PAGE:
Tag Archives: nuisance phone calls

My Day So Far

Image result for images of dog feeling sick

My allergies are killing me again today, but if I go to bed none of my work will get done. And I had to go to the supermarket this morning.

As I sit here trying to write, with the allergies running hog-wild, the fatzing phone keeps ringing and it’s always twaddle, always someone trying to extract money from us. The last call featured a live person instead of a robot, with a thick Indian accent, trying to sell me “orthopedic pain management.”

Scanning the nooze hasn’t helped me, either. I think I may be getting allergic to Democrats.

*Sigh*  … Time to write Joe Collidge.

First Whopper: A Really Dirty Phone Scam

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I told you, O readers, that I had three whoppers lined up for you today. Here’s the first one.

Nuisance phone calls–we get at least half a dozen of them a day. Yesterday my wife fielded what she called “the dirtiest phone call I ever heard.”

It was some guy from something called the Volunteer Fire Fighters Assn., requesting donations “for legislators who will make us safe by supporting volunteer fire fighters.” Can you think of any legislators who would publicly oppose or criticize volunteer fire fighters?

So Patty asked, “What legislators?” And all the guy could say was, “That’s a good question. Maybe you’d better visit our national website.”

But the answer isn’t there, either. We do find out that this is “a non-profit political action committee,” but action on behalf of which politicians, we are not told.

I called them back later and asked the guy to name a few of the legislators who’d be getting the money I donate. I must have asked this same question half a dozen times, to no avail. I kept asking until the guy hung up on me.

Now, what legitimate reason could they possibly have for refusing to tell the donor which legislators would be getting his money? Does this sleazy, heavy-handed scam have “Democrat” oozing from every pore, or what?

Bad enough they’ve got thieves out there who call up old people and try to convince them that they once stayed at Shyster Lakes Resorts and had a really good time, they ought to sign up for another week, “Just $1,000 down, and we’ll get everything ready for you.”

But these parasites, hiding behind the universal fondness and respect felt for volunteer fire fighters (and deserved by them), propose not to steal from defenseless individuals, but from the whole country. They refuse to tell you who they’re working for–and that means they’re working for the bad guys: characters we would never, ever donate to on purpose.

No one who’s honest would refuse to answer a simple question.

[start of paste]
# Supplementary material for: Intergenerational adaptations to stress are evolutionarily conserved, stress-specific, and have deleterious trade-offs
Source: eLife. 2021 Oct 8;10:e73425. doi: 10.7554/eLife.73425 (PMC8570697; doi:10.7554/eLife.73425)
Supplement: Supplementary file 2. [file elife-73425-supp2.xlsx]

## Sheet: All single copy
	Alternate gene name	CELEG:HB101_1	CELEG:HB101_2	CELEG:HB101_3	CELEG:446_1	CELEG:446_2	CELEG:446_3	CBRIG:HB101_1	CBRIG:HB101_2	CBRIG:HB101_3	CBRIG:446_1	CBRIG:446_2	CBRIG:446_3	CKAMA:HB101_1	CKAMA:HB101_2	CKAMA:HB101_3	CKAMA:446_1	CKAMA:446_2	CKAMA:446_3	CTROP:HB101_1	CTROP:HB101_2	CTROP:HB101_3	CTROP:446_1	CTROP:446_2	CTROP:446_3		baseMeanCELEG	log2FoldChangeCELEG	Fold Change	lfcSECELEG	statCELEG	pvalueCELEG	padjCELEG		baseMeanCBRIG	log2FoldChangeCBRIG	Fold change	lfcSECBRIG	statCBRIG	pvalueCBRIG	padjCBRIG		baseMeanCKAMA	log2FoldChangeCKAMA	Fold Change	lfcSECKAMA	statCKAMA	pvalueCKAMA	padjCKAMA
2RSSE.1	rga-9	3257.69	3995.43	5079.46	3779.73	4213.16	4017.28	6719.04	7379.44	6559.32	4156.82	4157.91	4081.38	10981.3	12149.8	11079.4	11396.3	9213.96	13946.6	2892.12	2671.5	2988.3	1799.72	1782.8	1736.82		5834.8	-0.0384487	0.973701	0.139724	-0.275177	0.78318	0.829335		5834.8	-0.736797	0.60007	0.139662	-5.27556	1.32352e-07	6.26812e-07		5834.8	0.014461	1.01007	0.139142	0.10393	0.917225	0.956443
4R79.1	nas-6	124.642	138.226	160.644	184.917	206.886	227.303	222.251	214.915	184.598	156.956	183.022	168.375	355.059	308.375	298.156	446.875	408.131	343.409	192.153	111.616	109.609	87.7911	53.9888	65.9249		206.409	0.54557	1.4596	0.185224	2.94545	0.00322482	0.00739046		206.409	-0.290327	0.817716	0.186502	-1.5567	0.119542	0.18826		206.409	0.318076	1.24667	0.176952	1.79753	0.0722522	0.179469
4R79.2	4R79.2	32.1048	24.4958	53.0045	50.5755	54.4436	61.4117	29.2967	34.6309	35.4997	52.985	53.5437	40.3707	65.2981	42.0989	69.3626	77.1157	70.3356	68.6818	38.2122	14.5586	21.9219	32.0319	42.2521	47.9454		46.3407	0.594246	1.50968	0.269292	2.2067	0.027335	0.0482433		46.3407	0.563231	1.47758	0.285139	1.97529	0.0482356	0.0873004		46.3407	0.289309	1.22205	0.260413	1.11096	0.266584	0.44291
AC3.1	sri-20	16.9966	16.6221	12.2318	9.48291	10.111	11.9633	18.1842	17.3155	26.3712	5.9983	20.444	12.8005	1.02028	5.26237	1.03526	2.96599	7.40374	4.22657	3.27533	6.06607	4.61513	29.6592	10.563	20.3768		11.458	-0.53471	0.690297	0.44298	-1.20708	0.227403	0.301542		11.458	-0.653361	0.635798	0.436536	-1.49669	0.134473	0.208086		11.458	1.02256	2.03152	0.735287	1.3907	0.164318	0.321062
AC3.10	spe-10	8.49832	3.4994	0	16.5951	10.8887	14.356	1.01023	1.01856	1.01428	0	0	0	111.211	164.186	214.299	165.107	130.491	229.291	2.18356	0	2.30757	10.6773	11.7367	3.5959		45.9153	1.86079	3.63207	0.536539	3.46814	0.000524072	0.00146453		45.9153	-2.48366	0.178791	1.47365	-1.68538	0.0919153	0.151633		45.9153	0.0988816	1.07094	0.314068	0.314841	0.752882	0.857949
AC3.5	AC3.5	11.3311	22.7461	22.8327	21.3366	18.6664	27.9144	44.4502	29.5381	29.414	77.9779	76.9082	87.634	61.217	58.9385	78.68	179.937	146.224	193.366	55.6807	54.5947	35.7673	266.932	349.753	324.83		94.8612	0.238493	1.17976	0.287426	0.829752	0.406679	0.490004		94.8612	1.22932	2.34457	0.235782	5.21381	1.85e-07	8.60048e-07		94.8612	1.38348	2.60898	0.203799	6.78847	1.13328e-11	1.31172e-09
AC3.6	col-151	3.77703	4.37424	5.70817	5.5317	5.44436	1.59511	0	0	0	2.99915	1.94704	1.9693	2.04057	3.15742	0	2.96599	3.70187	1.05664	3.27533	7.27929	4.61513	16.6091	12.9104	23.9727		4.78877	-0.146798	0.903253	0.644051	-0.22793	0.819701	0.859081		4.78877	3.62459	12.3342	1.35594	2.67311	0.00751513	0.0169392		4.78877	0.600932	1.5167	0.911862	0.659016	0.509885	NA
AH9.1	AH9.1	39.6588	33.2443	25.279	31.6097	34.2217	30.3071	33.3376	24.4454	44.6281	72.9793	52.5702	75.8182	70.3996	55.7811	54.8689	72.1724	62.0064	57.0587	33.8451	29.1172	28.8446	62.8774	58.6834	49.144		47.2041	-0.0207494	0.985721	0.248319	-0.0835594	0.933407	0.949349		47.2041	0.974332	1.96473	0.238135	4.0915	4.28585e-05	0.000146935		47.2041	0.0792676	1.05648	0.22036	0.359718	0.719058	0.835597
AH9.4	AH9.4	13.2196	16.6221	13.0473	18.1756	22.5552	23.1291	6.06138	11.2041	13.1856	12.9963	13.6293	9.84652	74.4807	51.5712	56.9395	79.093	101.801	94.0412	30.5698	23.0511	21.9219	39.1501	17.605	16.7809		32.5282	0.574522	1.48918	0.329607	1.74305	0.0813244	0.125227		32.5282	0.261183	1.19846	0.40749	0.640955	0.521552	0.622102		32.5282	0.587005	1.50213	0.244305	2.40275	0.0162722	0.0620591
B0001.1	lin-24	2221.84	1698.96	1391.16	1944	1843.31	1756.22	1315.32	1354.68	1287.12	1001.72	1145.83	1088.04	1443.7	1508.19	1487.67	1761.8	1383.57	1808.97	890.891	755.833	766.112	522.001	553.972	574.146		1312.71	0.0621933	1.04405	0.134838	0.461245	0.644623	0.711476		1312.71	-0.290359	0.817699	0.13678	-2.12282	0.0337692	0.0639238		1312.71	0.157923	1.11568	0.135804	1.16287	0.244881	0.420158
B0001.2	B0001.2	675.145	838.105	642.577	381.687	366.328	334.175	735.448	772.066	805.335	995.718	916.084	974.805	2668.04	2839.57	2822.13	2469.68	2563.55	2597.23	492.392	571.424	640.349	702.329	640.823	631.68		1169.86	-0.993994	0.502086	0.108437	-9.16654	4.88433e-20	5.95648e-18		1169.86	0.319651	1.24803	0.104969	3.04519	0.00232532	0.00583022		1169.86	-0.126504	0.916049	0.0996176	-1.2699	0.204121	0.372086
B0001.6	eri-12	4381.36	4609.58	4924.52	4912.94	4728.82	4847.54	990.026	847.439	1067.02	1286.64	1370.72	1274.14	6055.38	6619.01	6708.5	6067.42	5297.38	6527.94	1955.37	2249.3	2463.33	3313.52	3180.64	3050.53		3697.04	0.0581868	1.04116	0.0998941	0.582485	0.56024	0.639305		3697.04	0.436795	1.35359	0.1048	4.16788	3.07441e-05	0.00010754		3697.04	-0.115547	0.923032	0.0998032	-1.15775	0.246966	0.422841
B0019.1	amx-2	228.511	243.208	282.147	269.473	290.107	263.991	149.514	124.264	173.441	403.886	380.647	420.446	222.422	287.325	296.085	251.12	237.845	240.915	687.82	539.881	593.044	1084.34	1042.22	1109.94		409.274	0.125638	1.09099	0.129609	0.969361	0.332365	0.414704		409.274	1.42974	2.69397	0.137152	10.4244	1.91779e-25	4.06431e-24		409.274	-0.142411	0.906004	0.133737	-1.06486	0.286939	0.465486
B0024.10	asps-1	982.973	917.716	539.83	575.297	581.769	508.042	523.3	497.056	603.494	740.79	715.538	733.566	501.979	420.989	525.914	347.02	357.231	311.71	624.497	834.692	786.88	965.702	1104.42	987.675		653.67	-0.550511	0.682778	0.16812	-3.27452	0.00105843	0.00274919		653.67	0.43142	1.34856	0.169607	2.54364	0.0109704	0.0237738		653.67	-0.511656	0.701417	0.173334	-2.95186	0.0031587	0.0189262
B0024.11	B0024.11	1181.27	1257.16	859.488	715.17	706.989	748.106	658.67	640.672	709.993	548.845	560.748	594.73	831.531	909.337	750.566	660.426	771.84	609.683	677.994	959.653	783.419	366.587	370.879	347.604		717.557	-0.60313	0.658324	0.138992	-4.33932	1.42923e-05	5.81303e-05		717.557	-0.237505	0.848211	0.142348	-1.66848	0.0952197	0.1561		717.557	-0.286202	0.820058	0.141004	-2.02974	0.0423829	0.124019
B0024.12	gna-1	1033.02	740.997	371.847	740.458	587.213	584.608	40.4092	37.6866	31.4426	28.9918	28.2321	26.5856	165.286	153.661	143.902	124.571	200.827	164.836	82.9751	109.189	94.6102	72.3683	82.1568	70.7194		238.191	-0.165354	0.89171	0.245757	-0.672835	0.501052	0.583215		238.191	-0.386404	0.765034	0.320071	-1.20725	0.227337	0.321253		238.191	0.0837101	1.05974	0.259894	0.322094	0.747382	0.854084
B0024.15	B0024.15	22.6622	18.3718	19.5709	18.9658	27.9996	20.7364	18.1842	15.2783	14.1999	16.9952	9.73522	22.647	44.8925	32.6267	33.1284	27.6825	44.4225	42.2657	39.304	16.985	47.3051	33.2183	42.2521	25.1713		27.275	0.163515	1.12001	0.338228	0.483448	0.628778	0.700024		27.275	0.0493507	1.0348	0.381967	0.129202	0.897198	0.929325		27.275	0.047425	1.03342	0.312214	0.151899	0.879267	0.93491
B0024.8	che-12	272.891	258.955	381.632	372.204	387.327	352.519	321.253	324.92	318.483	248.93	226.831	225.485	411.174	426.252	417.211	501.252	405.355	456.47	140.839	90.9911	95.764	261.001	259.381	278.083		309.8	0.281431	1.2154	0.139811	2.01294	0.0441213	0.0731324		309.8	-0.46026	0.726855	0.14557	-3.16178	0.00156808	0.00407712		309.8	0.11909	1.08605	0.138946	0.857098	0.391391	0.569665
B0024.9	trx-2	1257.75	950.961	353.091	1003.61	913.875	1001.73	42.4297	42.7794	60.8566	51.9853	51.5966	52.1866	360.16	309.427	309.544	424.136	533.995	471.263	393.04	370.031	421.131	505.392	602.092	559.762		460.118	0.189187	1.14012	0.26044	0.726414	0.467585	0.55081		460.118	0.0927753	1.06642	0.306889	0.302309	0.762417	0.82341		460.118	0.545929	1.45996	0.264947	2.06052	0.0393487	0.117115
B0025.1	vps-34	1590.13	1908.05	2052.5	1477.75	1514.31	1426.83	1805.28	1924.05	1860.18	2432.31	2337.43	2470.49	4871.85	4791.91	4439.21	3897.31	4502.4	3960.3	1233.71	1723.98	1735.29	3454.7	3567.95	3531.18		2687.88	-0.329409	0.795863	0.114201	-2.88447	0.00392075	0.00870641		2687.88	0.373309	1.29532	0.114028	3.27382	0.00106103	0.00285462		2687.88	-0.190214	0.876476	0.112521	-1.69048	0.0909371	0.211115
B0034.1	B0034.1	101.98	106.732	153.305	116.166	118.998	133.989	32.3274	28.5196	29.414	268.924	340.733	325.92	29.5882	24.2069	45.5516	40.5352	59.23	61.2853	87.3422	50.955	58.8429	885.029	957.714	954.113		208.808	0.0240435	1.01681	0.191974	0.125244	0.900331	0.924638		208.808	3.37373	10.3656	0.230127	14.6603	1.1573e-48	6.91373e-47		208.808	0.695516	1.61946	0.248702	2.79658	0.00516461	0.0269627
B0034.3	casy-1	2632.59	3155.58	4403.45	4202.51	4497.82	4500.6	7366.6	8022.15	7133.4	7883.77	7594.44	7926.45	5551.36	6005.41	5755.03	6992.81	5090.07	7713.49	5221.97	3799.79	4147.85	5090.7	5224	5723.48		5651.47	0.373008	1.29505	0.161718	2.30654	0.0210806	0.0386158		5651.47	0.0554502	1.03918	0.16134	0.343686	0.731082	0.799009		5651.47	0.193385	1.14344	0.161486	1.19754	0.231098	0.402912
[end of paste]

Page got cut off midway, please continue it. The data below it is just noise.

‘Now for Something Really Despicable’ (2016)

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I really do wonder whatever happened to “Do Not Call,” which actually protected us for several years. Then it sort of went away, and the phone scams heated up again.

Here is one of the less endearing ones.


They really do target the elderly. As my Aunt Gertie grew into her nineties, every goniff in the Western Hemisphere came out of the woodwork, looking for a chunk of her money. It kept Aunt Joan on her toes, protecting them from these varmints: for poor Gertie had become easy prey, and the villains knew it.

It’s one of those things you simply don’t do if you have sense enough to fear God.

Now for Something Really Despicable!

I have just received a phone call–interrupting my search for a morning hymn–with a recorded message that went something like this:

“This is the call-back you requested after you saw the television commercial for our E-Z Acme Back Brace…”

Hmm… We don’t have television in our home, and thus we never see commercials, and we couldn’t have seen a commercial for anyone’s back brace. And truly, not if you put a gun to my head, or a knife to my back, would I ever, ever call the toll-free number to inquire about something I saw in a commercial. And I would see myself shot out of a cannon before I ever requested a call-back.

So, you see, the whole thing was just a big fat lie.

If this isn’t as low as it gets, I don’t know what is. Clearly this marketing technique, this scam, this bit of skulduggery, is aimed at elderly persons who may not be tracking too well and who may even be brought to believe they actually did request a call-back.

This is not to be confused with the robo-call we get every single day informing us that we have just won another free cruise on the S.S. Puke-Yer-Guts-Out.

Once upon a time in New Jersey we had a “Do Not Call” law that protected us from such annoying phone calls. It seems to have fallen into disuse. Maybe some poor idealist in the capitol thought it wouldn’t be needed anymore, that common decency would restrain the scam artists.

Well, it doesn’t restrain the big predators, so why should it restrain the jackals?

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